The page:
We talked well till well after sunset

As we talked, it occurred to me that I had shared only a little with some very close friends about my experience. As I sat with her 17 years later it all came pouring out. As she told me about her experiences with her recent loss, I found myself saying ‘me too’ frequently. She said she found the similarities reassuring. We both agreed that our dogs saved us from self-pity. I told her at the time I had prepared myself for many years ahead on my own as a solo act, and I was OK with that. She told me it gave her a lift to know that it was possible to find renewal and happiness as I did, with my marriage to Ben–especially when you’re not expecting anything to happen. Perhaps that’s the lesson, to take life as it comes because anything can happen. To add a second old saying in the same post; “don’t push the river, it flows by itself.”

Later she told me that she thought about the old saying that people come into your life for a “reason, season or lifetime,” and that our encounter was definitely a reason/season event. Up until that moment she’d been on the road alone with her thoughts, the big RV and of course Abby and Willy. Her next stop was a meet up with women friends. She was very much looking forward to reconnecting with them. As the day for her departure approached, I saw all the telltale signs. The lights came down. The dog fence was stowed. The rug and chair were last to be packed. The big RV rumbled to life, and Willy and Abby peered out of the window. She came around for a hug and we said our goodbyes. A few moments later she was gone.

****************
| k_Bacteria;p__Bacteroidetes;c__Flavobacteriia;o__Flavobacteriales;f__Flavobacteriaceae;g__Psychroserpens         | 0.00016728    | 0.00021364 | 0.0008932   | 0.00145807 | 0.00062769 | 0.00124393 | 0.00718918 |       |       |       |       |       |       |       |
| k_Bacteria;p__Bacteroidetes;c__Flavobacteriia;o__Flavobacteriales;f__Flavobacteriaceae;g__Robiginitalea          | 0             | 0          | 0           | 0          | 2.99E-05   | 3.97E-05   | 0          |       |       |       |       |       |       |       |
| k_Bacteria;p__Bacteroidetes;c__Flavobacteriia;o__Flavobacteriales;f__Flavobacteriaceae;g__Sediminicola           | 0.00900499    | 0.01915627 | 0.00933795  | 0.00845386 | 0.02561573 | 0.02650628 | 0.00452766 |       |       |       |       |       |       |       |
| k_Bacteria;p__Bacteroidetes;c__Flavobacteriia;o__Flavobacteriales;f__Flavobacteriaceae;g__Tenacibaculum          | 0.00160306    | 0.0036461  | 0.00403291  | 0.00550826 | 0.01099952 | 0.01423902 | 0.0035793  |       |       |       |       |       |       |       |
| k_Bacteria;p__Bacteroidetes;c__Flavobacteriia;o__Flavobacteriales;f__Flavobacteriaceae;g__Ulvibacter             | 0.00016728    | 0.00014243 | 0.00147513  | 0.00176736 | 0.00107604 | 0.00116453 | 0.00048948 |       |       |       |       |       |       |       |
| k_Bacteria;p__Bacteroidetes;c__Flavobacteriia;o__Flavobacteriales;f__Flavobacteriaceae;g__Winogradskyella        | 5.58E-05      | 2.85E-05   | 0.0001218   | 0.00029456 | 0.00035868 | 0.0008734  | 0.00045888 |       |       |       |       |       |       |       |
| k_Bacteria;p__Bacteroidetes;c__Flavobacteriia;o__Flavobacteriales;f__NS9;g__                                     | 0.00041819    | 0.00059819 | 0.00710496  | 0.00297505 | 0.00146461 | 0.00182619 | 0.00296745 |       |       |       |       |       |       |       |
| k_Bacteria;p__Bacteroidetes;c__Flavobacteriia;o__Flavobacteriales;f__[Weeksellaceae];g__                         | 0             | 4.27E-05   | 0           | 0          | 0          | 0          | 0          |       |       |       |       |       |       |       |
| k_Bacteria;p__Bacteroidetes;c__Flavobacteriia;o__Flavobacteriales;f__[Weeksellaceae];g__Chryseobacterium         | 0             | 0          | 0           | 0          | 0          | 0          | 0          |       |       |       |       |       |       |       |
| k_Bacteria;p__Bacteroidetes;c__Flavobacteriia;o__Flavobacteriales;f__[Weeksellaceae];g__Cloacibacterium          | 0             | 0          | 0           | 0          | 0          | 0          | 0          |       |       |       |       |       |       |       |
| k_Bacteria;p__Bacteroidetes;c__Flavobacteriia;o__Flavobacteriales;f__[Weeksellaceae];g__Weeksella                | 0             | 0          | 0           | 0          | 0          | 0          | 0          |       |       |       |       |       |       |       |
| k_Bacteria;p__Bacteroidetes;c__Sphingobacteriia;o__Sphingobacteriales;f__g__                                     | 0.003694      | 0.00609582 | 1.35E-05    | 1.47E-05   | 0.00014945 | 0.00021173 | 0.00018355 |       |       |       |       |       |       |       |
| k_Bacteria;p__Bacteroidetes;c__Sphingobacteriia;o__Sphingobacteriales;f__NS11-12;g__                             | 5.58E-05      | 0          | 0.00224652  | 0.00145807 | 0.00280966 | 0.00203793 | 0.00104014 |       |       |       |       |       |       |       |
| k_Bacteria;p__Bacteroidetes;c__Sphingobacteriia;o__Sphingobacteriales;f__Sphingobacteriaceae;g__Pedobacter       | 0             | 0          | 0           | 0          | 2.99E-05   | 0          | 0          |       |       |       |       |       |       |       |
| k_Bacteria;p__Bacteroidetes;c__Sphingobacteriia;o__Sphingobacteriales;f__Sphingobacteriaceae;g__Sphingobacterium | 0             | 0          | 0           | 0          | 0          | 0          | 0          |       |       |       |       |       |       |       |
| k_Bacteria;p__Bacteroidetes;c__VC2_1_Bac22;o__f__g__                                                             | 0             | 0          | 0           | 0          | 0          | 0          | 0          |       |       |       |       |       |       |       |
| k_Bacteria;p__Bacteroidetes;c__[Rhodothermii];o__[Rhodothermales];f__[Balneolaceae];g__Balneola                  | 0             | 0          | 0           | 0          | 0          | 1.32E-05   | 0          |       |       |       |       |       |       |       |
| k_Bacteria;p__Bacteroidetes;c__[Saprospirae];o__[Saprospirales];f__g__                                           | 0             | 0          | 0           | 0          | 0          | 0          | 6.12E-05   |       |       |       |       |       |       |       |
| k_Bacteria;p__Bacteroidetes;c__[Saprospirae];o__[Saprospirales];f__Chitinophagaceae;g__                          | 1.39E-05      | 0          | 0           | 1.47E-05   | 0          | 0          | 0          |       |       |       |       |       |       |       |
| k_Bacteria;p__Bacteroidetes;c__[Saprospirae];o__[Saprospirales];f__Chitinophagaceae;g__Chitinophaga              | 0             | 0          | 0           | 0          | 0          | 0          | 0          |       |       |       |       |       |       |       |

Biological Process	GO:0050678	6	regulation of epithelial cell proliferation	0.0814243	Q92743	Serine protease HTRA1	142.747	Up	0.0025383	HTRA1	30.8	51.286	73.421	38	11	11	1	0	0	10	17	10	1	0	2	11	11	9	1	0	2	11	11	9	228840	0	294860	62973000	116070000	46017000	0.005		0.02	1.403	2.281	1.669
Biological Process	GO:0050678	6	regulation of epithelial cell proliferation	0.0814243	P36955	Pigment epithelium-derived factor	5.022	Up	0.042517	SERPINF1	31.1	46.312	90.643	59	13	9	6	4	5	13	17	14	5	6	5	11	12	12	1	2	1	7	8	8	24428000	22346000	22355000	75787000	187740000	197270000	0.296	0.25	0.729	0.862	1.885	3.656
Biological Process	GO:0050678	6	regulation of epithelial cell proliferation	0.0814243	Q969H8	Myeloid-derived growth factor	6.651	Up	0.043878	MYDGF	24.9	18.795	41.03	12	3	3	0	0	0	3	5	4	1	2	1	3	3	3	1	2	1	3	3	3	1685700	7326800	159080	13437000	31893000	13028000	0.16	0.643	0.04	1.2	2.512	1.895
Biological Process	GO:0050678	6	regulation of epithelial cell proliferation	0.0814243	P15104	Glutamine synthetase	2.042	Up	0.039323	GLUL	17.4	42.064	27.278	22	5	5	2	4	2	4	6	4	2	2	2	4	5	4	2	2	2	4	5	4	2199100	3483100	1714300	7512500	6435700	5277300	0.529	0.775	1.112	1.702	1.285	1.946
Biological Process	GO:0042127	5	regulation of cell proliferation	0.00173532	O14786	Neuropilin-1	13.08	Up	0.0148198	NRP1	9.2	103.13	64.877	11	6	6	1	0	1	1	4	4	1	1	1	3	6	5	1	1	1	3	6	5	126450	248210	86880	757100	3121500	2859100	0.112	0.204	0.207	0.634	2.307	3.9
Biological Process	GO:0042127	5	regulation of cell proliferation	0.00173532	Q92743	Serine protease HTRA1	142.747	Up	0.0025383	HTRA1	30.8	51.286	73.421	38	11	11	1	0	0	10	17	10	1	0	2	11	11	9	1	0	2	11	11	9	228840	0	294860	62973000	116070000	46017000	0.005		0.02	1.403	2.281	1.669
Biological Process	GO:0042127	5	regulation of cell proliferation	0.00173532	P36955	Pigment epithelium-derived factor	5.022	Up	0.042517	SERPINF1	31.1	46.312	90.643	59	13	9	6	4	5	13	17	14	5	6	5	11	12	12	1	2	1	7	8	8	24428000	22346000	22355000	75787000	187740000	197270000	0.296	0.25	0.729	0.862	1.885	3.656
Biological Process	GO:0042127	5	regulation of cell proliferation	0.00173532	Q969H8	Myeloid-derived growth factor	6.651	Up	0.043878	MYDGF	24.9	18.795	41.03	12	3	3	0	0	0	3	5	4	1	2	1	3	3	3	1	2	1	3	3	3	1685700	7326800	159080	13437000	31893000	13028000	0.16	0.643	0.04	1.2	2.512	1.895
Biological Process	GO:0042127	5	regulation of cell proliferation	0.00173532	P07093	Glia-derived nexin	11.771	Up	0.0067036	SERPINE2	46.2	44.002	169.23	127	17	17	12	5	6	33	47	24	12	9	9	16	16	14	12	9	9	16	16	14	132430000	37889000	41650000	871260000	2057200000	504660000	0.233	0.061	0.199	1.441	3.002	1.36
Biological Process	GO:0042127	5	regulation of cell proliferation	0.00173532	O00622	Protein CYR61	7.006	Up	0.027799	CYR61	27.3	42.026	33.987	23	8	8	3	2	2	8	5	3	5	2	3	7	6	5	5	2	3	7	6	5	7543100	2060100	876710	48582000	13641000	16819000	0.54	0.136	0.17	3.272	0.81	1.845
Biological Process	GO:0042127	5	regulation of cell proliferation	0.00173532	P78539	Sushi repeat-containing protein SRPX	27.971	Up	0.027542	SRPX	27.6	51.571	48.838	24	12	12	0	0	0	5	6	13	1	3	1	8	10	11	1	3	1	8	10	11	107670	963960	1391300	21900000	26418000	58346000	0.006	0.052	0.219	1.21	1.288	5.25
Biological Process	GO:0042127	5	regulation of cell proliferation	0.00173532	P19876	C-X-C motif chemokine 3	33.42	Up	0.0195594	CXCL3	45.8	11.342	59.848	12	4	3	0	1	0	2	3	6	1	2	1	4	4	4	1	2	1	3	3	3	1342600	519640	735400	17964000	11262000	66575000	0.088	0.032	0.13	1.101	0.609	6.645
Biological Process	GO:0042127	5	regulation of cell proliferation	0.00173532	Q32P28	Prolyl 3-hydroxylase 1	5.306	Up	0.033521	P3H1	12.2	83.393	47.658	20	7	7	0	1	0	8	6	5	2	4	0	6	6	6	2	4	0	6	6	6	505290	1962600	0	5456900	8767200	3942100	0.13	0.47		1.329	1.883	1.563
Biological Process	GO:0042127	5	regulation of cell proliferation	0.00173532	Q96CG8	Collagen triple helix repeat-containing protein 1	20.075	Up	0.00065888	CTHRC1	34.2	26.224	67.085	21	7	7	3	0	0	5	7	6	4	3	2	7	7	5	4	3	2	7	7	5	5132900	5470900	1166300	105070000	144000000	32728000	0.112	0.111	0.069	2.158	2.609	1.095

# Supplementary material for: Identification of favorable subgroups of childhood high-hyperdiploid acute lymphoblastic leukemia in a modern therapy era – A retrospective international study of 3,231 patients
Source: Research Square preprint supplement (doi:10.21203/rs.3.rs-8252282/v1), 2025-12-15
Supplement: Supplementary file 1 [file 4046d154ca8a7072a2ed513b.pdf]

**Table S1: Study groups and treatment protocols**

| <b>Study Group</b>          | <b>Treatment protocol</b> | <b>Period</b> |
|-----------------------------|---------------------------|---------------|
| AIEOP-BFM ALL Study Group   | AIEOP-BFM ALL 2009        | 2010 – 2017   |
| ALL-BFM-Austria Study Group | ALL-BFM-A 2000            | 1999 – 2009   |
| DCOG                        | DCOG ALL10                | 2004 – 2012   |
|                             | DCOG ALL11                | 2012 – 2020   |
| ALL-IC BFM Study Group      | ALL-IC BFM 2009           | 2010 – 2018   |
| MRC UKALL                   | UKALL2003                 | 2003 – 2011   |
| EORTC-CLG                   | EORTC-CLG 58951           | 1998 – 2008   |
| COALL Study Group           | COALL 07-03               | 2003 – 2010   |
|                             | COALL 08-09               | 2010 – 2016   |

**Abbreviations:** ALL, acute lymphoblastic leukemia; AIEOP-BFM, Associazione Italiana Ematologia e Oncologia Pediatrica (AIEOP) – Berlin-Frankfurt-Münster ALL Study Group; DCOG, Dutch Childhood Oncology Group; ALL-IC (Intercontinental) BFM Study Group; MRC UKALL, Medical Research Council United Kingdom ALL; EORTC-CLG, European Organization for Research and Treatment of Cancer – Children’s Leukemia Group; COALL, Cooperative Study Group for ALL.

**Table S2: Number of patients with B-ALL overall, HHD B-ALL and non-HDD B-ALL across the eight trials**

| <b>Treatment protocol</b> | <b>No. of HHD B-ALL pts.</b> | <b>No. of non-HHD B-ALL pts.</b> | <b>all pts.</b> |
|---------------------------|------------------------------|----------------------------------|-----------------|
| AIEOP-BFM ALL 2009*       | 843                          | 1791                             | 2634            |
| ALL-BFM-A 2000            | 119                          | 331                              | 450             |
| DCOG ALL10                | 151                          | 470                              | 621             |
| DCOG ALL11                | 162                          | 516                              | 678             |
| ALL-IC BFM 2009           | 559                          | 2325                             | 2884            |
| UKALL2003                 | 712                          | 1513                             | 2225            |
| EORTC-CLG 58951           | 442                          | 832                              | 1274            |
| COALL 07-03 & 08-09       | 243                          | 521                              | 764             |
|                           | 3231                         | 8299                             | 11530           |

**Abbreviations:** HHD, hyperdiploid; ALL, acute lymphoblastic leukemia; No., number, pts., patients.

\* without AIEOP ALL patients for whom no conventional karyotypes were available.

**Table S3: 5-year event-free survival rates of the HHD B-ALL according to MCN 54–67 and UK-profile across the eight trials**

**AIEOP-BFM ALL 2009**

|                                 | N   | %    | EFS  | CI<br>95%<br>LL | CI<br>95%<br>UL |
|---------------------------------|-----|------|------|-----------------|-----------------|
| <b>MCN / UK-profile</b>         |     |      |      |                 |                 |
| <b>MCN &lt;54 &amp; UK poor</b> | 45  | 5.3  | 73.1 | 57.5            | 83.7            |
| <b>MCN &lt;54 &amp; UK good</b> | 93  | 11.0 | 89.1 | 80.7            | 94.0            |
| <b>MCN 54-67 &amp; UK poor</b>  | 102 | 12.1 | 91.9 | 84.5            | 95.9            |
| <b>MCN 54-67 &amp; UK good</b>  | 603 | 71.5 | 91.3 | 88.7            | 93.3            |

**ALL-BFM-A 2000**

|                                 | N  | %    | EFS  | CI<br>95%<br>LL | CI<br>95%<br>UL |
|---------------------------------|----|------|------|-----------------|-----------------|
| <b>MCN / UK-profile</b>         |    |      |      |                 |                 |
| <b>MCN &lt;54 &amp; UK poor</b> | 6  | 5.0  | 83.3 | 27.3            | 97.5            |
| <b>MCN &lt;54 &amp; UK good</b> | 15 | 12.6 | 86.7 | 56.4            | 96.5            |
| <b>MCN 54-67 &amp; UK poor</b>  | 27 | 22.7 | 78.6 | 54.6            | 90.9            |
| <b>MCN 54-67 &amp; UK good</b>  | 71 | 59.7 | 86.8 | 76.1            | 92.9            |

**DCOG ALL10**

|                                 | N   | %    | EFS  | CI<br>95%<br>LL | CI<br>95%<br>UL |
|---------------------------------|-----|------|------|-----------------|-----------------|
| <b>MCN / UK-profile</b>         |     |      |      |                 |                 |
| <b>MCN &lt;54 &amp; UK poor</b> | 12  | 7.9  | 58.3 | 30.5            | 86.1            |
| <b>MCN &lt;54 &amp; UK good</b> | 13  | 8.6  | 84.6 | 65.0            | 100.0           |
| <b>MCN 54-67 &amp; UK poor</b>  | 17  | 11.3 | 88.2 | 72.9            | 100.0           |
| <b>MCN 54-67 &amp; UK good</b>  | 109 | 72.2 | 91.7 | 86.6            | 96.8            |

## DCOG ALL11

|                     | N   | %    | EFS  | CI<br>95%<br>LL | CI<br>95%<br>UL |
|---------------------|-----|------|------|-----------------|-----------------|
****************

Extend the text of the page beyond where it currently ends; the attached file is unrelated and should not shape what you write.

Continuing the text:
Most of you know I make photos of everything. I do have photos of her and of us, but this is the kind of story that doesn’t lend itself to that kind of disclosure. If she wants to share her experience of being a widow, she can do that on her own time. I have one snapshot of the three of us, me, Ben and her. We look carefree and happy, and at that particular moment we were.

She let us know she’d arrived safely at her destination. People who RV a lot will say “see you down the road” rather than goodbye. It does happen that we meet up with people from time to time, it happens more than you would think. North America is a big parcel of land and long-term travelers are a small group. That fact gives me hope that our paths will cross again. Wherever you are friend, see you down the road.

5 thoughts on “Widows

  1. Gena Smith

    Where is the “Love” button?! Meeting the two of you and your dogs was certainly a highlight of my trip. I pride myself on being self sufficient and you were the perfect neighbors…friendly but respected my space and when I had a leaky window Ben was so kind to help me and gave me some great tips…I keep his number handy in case I ever have another issue and need his advice! I also really appreciated sharing a few meals, especially our last night together. Crock Pot ribs…who knew?! I truly believe you and I were meant to meet and have those conversations and I am so pleased to know they were are meaningful and helpful to you as they were to me. It is a reminder in this time of healing to keep my heart open to new people and experiences. I’m so glad we met and look forward to actually seeing you “down the road” at some point in the future.

    Liked by 1 person